by Nathan Rowland
reviewed on PC
Have you ever played a game so wonderfully rich and encompassing in its experience that for weeks or months at a time you become lost in its totality? So enthralled by the emotions it invokes in you that a flame within you burns brighter than it ever had before? I hope you have, because these are truly wonderous games to experience, and undoubtedly why I consider gaming to be my favourite artform. I’ve had a couple of those experiences: Demon’s Souls, Fallout 3, Witcher 3: Wild Hunt, Grim Fandango.
Now whilst I would not ever wish to have not played these games, they do have their downside, a big one. All other games just pale in comparison. Worlds feel void of depth and feeling. Not by any fault of their design, they just don’t possess you in the ways they once did. For example, I can’t play Assassin’s Creed games anymore, and I loved those games. Today I just see empty streets and trite conversations extended across a bland story. I don’t remember how epic it used to feel using eagle vision for the first time in each city or how cool I felt disappearing from pursuers amongst crowds. All those mechanics have lost their lustre.
So, how did this all relate to A Total War Saga: Troy? Well that’s because my most recent ‘wonderous game’ was Total War: Warhammer II. To the uninitiated, the traditionally historically based Total War franchise changed tact in 2016 with the release of the first in a trilogy of games based upon the high-fantasy table top game of Warhammer. Whilst we’re still waiting on the release of its third instalment, these two games have tonally shifted the entire franchise since their release. Where once battles complemented a complex and thematic 4X strategy game, they are now the mainstay of Total War's gameplay. Magic and large single-entity units have revolutionised the tactics and overall fun-factor of the series. As a result, Creative Assembly has created a tricky situation for their ‘historical’ titles. Thrones of Britannia clearly suffered as result of this in sales and engagement, but Three Kingdoms made major improvements in the genre by borrowing elements from its high-fantasy counterpart.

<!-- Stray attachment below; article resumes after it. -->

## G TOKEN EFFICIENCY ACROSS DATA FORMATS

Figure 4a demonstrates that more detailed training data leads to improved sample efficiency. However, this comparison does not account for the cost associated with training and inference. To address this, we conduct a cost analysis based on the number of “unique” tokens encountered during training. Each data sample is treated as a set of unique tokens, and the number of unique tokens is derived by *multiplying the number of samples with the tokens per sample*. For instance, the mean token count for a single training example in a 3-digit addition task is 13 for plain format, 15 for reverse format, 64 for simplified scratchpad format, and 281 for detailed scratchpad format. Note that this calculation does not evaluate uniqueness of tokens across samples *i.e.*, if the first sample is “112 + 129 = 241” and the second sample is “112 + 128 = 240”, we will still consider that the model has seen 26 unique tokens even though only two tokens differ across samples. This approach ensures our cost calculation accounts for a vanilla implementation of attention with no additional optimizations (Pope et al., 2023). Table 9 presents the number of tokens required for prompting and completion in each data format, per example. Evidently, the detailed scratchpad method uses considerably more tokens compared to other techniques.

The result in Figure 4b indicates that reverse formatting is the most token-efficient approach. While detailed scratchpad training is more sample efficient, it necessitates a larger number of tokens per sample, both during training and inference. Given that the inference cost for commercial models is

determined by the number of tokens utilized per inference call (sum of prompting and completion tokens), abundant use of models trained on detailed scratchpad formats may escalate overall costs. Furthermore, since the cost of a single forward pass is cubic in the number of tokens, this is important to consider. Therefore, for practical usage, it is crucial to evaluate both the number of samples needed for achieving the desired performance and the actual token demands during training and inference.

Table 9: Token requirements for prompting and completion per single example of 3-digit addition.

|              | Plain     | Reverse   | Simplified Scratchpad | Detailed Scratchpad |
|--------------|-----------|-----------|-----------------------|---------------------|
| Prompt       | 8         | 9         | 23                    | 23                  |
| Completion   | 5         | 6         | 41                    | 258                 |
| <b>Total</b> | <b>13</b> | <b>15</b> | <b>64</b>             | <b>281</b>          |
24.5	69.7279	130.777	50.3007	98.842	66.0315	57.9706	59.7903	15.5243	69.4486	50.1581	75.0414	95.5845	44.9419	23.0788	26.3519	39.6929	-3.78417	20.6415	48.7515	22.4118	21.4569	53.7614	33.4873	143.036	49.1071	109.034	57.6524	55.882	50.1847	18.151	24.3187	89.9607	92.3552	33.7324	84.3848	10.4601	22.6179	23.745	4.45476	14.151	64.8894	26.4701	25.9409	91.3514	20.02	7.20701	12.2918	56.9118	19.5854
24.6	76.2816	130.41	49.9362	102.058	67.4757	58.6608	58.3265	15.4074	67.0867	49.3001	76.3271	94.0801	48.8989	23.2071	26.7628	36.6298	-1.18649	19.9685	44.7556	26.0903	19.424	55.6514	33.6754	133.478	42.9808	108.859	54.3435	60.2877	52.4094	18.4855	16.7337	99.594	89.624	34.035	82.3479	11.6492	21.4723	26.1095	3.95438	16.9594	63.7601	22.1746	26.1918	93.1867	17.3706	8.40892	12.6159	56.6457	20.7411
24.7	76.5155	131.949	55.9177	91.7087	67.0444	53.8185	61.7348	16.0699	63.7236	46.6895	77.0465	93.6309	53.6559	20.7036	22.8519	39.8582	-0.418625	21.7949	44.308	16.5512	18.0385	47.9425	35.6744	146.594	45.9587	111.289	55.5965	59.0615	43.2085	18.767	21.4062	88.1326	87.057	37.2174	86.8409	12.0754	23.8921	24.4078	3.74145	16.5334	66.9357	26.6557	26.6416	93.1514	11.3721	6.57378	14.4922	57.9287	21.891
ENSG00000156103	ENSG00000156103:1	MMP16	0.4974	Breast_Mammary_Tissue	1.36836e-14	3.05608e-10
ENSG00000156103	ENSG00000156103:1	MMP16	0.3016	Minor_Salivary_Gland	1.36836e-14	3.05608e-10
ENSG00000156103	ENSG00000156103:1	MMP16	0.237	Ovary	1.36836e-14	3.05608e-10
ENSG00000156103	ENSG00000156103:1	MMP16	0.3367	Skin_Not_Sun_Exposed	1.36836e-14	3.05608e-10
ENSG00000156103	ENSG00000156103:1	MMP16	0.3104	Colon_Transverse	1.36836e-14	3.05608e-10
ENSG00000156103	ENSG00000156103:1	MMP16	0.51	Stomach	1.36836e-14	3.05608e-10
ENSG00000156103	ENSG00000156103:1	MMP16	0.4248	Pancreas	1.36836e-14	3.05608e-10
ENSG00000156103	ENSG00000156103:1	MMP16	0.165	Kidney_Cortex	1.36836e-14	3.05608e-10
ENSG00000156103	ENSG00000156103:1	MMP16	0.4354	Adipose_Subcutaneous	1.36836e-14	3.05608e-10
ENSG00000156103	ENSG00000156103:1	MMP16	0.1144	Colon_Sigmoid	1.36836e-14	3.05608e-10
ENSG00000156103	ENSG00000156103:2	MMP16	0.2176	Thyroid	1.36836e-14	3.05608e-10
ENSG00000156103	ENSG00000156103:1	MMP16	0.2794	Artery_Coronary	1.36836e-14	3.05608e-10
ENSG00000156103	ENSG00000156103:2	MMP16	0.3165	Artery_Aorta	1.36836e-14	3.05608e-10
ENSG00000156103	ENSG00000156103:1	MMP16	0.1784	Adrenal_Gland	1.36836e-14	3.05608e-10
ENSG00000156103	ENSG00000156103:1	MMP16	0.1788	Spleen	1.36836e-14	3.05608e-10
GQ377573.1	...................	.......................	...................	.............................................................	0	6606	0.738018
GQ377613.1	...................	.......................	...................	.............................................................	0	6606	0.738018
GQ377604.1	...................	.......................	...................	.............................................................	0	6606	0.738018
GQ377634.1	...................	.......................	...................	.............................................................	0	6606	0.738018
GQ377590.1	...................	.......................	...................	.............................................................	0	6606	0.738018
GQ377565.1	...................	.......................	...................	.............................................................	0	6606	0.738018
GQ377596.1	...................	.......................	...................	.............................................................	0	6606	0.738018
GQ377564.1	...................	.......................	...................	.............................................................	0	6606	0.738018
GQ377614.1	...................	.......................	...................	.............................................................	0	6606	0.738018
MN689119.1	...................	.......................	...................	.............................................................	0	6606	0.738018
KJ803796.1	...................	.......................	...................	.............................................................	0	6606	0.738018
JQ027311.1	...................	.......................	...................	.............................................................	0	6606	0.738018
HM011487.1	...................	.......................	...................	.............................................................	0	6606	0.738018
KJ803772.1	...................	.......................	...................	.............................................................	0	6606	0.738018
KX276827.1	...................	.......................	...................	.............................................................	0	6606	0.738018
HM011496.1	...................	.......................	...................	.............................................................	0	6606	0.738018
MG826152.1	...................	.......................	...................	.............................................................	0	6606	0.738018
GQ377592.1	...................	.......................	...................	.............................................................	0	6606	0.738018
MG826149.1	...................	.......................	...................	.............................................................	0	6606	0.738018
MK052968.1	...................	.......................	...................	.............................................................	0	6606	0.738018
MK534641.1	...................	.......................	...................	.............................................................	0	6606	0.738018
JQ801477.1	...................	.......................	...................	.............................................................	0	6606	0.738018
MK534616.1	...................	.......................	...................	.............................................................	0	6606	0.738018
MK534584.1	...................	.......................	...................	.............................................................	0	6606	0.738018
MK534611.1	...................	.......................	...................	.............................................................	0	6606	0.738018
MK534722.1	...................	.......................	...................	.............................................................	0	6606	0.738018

Gifts mixed with good and evil.
Rather than fall back entirely on historical settings, Creative Assembly have begun to favour an element of mythology in their more historical titles. Total War: Troy takes its inspiration from several literary epics set in the Bronze Age. Namely, Homer’s Iliad and Odyssey as well as Virgil’s Aeneid. As a result, not all the features popularised in the Warhammer titles are lost as Creative Assembly seeks to continue its more traditional titles. Strong single entity units still exist in the form of the Minotaur and Cyclops and leaders are akin to Warhammer’s legendary lords – where characters like Achilles and Odysseus are capable of much greater feats of strength than your average Trojan general.
The pantheon of Greek gods can be prayed to and appeased to gain beneficial boons and soldiers, akin to the Norscan campaign strategy. And whilst magic is an unfeasible addition in this setting, the mythological approach does work to marry the interest between a historical and a fantastical narrative that fans of both genres can enjoy. However, battles don’t feel nearly as epic, and the Aegean setting doesn’t nearly invoke as much awe as the Mortal Realms of Sigmar. Rather, the campaign map holds up most of the game’s style, with a neat visualisation of the geometric Grecian pottery style which is both iconic and capable of instilling some sense of wonderment. An artistic rendition of Mount Olympus looms on the horizon rather than a misted over fog of war. It helps sell the overall mood.